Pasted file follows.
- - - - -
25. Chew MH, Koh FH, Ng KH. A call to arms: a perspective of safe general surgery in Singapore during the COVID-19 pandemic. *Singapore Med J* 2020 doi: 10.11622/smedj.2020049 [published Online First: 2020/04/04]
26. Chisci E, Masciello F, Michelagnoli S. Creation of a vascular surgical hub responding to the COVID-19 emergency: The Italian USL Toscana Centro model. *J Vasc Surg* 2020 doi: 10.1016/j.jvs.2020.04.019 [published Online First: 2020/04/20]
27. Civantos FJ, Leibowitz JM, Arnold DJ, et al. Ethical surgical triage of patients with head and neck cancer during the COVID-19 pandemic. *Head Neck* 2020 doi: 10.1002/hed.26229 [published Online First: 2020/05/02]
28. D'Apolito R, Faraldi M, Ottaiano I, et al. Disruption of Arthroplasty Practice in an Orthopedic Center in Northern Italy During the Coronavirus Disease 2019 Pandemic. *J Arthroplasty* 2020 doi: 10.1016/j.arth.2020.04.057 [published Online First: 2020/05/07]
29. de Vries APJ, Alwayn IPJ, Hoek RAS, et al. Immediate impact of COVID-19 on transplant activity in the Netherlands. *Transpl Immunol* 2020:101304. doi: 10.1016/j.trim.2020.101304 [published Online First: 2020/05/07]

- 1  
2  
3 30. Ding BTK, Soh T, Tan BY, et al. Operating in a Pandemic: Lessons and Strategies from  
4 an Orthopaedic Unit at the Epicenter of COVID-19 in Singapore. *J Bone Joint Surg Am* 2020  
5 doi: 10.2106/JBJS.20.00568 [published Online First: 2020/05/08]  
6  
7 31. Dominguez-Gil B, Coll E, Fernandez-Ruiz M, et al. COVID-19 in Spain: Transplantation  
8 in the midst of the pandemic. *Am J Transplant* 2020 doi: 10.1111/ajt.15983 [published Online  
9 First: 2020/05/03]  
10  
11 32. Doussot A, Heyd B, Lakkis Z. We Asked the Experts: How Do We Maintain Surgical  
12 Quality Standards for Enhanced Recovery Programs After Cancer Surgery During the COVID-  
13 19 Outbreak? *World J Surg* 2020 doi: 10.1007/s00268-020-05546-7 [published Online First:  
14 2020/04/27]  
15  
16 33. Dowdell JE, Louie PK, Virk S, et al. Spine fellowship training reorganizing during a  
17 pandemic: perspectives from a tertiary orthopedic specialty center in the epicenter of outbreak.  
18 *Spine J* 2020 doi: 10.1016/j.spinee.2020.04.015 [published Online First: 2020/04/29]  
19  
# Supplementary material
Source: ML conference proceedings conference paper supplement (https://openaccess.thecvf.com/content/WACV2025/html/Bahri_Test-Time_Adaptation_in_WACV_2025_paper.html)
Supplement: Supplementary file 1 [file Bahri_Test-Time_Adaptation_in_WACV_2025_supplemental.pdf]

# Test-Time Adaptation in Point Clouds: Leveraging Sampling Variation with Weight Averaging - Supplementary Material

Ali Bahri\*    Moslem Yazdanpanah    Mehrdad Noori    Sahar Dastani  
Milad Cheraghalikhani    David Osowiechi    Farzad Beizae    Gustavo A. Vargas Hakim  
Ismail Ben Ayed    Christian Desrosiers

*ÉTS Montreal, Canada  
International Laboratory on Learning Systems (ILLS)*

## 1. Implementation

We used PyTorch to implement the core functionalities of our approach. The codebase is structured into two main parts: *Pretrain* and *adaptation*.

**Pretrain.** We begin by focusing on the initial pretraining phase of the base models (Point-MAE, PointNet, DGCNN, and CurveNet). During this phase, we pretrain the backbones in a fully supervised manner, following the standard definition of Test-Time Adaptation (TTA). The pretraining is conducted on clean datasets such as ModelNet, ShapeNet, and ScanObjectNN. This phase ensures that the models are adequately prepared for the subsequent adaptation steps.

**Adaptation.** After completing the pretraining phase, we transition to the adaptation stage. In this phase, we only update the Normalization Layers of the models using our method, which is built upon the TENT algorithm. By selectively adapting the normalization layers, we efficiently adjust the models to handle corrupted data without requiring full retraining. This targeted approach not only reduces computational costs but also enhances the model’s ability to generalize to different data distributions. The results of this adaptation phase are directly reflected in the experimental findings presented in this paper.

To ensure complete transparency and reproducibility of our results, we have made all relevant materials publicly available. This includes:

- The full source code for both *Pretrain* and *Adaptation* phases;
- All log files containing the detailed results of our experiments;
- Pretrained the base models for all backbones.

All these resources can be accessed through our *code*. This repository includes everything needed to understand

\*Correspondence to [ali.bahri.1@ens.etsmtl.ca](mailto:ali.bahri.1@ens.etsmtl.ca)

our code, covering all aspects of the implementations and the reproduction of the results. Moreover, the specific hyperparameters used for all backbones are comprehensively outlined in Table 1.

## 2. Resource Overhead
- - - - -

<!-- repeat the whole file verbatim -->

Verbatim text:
25. Chew MH, Koh FH, Ng KH. A call to arms: a perspective of safe general surgery in Singapore during the COVID-19 pandemic. *Singapore Med J* 2020 doi: 10.11622/smedj.2020049 [published Online First: 2020/04/04]
26. Chisci E, Masciello F, Michelagnoli S. Creation of a vascular surgical hub responding to the COVID-19 emergency: The Italian USL Toscana Centro model. *J Vasc Surg* 2020 doi: 10.1016/j.jvs.2020.04.019 [published Online First: 2020/04/20]
27. Civantos FJ, Leibowitz JM, Arnold DJ, et al. Ethical surgical triage of patients with head and neck cancer during the COVID-19 pandemic. *Head Neck* 2020 doi: 10.1002/hed.26229 [published Online First: 2020/05/02]
28. D'Apolito R, Faraldi M, Ottaiano I, et al. Disruption of Arthroplasty Practice in an Orthopedic Center in Northern Italy During the Coronavirus Disease 2019 Pandemic. *J Arthroplasty* 2020 doi: 10.1016/j.arth.2020.04.057 [published Online First: 2020/05/07]
29. de Vries APJ, Alwayn IPJ, Hoek RAS, et al. Immediate impact of COVID-19 on transplant activity in the Netherlands. *Transpl Immunol* 2020:101304. doi: 10.1016/j.trim.2020.101304 [published Online First: 2020/05/07]

- 1  
2  
3 30. Ding BTK, Soh T, Tan BY, et al. Operating in a Pandemic: Lessons and Strategies from  
4 an Orthopaedic Unit at the Epicenter of COVID-19 in Singapore. *J Bone Joint Surg Am* 2020  
5 doi: 10.2106/JBJS.20.00568 [published Online First: 2020/05/08]  
6  
7 31. Dominguez-Gil B, Coll E, Fernandez-Ruiz M, et al. COVID-19 in Spain: Transplantation  
8 in the midst of the pandemic. *Am J Transplant* 2020 doi: 10.1111/ajt.15983 [published Online  
9 First: 2020/05/03]  
10  
11 32. Doussot A, Heyd B, Lakkis Z. We Asked the Experts: How Do We Maintain Surgical  
12 Quality Standards for Enhanced Recovery Programs After Cancer Surgery During the COVID-  
13 19 Outbreak? *World J Surg* 2020 doi: 10.1007/s00268-020-05546-7 [published Online First:  
14 2020/04/27]  
15  
16 33. Dowdell JE, Louie PK, Virk S, et al. Spine fellowship training reorganizing during a  
17 pandemic: perspectives from a tertiary orthopedic specialty center in the epicenter of outbreak.  
18 *Spine J* 2020 doi: 10.1016/j.spinee.2020.04.015 [published Online First: 2020/04/29]  
19  
# Supplementary material
Source: ML conference proceedings conference paper supplement (https://openaccess.thecvf.com/content/WACV2025/html/Bahri_Test-Time_Adaptation_in_WACV_2025_paper.html)
Supplement: Supplementary file 1 [file Bahri_Test-Time_Adaptation_in_WACV_2025_supplemental.pdf]

# Test-Time Adaptation in Point Clouds: Leveraging Sampling Variation with Weight Averaging - Supplementary Material

Ali Bahri\*    Moslem Yazdanpanah    Mehrdad Noori    Sahar Dastani  
Milad Cheraghalikhani    David Osowiechi    Farzad Beizae    Gustavo A. Vargas Hakim  
Ismail Ben Ayed    Christian Desrosiers

*ÉTS Montreal, Canada  
International Laboratory on Learning Systems (ILLS)*

## 1. Implementation

We used PyTorch to implement the core functionalities of our approach. The codebase is structured into two main parts: *Pretrain* and *adaptation*.

**Pretrain.** We begin by focusing on the initial pretraining phase of the base models (Point-MAE, PointNet, DGCNN, and CurveNet). During this phase, we pretrain the backbones in a fully supervised manner, following the standard definition of Test-Time Adaptation (TTA). The pretraining is conducted on clean datasets such as ModelNet, ShapeNet, and ScanObjectNN. This phase ensures that the models are adequately prepared for the subsequent adaptation steps.

**Adaptation.** After completing the pretraining phase, we transition to the adaptation stage. In this phase, we only update the Normalization Layers of the models using our method, which is built upon the TENT algorithm. By selectively adapting the normalization layers, we efficiently adjust the models to handle corrupted data without requiring full retraining. This targeted approach not only reduces computational costs but also enhances the model’s ability to generalize to different data distributions. The results of this adaptation phase are directly reflected in the experimental findings presented in this paper.

To ensure complete transparency and reproducibility of our results, we have made all relevant materials publicly available. This includes:

- The full source code for both *Pretrain* and *Adaptation* phases;
- All log files containing the detailed results of our experiments;
- Pretrained the base models for all backbones.

All these resources can be accessed through our *code*. This repository includes everything needed to understand

\*Correspondence to [ali.bahri.1@ens.etsmtl.ca](mailto:ali.bahri.1@ens.etsmtl.ca)

our code, covering all aspects of the implementations and the reproduction of the results. Moreover, the specific hyperparameters used for all backbones are comprehensively outlined in Table 1.

## 2. Resource Overhead